Improbable Fiction is a play written by Alan Ackybourn that runs through June 4, 2017 featuring the Buffalo Theatre Ensemble at the McAninch Arts Center at College of DuPage located at Fawell and Park Boulevards in Glen Ellyn, IL. The play stars Robert Jordan Bailey who has graciously agreed to stop by for a blog visit. It’s a must-see for writers and anyone who loves a writer.
The script follows an amateur writing group’s monthly meeting. You get to know an amusing group of writers all struggling with the creative process. Act II turns what you have learned on its head by fancifully exploring a common exercise utilized by writers groups. The show is both an engaging character study and a rip-roaring farce.
BTE has a long history with the playwirght, Alan Ackybourn. This particular script was written for the 50th anniversary celebration of the Stephen Joseph Theatre in Scarborough, England, where he served as artistic director. Since this is BTE’s 30th anniversary season, we thought the celebratory tie-in appropriate. We also loved the theatricality of the piece and the way it speaks to and pokes fun at the creative process while all the while championing the effort.
What originally drew me to this play? Well to be honest, when I first read it, I wasn’t a fan. But one of the distinguishing elements of playscripts is that they are not a sum unto themselves but simply the written pathway for what is intended to be a live action event. Sometimes what is on the page is hard to visualize. Thankfully Connie and Amelia (our artistic director and associate director) saw the charm and potential that eluded me. Once I started working on the piece, I saw so much that I had missed. I love playing Arnold. He is such a sweet, open soul, full of heart and empathy.
What can audiences expect when they go to see Improbable Fiction?
Surprises! Act I is all about getting to know the members of the writers group – and they are a lovable bunch of eccentrics. But Act II takes a surprising turn that keeps you guessing until the end! Audiences can expect to fall in love with these characters but also expect to leave the evening sore from belly laughs! And there are clever insights along the way as well.
What do you find to be most interesting about your character in Improbable Fiction?
Arnold has great empathy for the struggles of the other writers in the group while not having a shred of self-pity for his own perceived lack of creative imagination. His backstory is that of a man who constantly gives of himself and has unwittingly crafted an idea of himself that may be flawed. I find the flawed narratives we accidentally write for ourselves to be fascinating. You don’t know what you don’t know, right? Arnold also ends up caught in crazy and shocking events and, for me, getting to play that is a comic gift. It’s sort of like being in an old episode of “Bewitched!”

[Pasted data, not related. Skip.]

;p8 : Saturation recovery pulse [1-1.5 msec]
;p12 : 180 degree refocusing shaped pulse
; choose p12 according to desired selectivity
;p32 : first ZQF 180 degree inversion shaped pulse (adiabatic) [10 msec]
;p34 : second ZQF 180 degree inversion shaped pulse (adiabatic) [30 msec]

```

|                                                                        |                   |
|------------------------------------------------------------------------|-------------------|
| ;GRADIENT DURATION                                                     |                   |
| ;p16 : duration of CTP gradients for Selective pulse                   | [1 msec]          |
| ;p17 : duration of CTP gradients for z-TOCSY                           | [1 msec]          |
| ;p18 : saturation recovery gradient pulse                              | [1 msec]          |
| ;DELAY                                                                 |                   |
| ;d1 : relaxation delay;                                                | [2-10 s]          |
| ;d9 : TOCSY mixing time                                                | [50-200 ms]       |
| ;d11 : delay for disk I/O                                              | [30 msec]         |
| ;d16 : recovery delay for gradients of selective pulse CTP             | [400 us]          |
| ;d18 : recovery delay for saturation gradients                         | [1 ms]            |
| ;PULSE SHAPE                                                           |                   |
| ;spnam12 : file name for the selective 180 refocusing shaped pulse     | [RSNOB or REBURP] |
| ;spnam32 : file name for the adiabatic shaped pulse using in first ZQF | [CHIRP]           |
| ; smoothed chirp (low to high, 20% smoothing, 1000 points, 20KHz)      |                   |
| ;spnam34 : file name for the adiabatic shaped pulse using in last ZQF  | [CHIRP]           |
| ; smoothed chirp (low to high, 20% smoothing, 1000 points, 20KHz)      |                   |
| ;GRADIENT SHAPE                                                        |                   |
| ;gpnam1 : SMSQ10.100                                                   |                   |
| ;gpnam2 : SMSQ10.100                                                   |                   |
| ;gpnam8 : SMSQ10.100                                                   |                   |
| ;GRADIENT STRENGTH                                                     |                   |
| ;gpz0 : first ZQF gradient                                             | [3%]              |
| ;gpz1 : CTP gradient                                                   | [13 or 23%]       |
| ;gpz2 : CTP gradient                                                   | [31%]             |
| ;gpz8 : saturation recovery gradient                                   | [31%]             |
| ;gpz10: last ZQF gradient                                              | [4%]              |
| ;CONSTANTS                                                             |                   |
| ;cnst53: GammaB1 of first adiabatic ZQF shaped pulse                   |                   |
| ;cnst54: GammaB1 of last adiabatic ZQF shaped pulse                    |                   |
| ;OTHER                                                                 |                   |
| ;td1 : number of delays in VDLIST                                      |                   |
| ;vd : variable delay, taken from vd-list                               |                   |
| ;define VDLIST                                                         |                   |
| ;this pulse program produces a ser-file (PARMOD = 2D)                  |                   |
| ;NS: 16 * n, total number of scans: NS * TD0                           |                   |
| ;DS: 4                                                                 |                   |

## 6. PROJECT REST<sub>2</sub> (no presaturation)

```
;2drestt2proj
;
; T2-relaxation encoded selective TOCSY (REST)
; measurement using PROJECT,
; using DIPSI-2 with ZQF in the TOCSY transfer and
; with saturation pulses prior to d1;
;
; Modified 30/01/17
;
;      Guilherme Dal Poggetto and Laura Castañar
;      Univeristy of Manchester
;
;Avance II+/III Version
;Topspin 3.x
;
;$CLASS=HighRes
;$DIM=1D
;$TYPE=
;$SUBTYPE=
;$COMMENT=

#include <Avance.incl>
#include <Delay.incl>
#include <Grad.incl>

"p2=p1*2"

What is your favorite thing about acting?
Gosh, that’s a hard one. I’ve been acting for thirty years now and I would have to say there have probably been different “favorite” things at different times. Actor friends would harass me for saying it – as it sounds horribly pretentious – but I really love the “work” of it. The research, (learning about time of the script, background of the character, dialect, etc.), creating a character and establishing the relationships with the other characters. One of the first things audiences often comment on is “how did you memorize all those lines?” but that’s only the start. Knowing what your character says and how he chooses to say it informs so much of what you create. And the BTE rehearsal process is so quick (5 weeks), one needs to show up the first day completely memorized!
Have you ever tried to write a novel?
I have thought about it. I love to read – something theatre gets in the way of – and I have toyed with giving writing a try. They say everyone has one novel in them, maybe I will attempt to squeeze mine out one day.
What do you have coming up next?
BTE is gearing up for its 31st season so I am putting a lot of energy into that. As an ensemble and board member, I am involved even when I am not on stage. All three shows of our 31st season – 39 Steps, Time Stands Still and Outside Mullingar, focus on lovers whose relationships are in flux. I will be acting in the Spring show Outside Mullingar. It’s a more serious script than what I have done this year. Though I love farce, drama with a hint of comedy is what I really love doing. If you haven’t gotten your subscription for next year, please purchase it before June 6th so you get the 25% discount! I have also been doing some auditions so who knows, maybe I will pop up on some other stages before spring of 2018!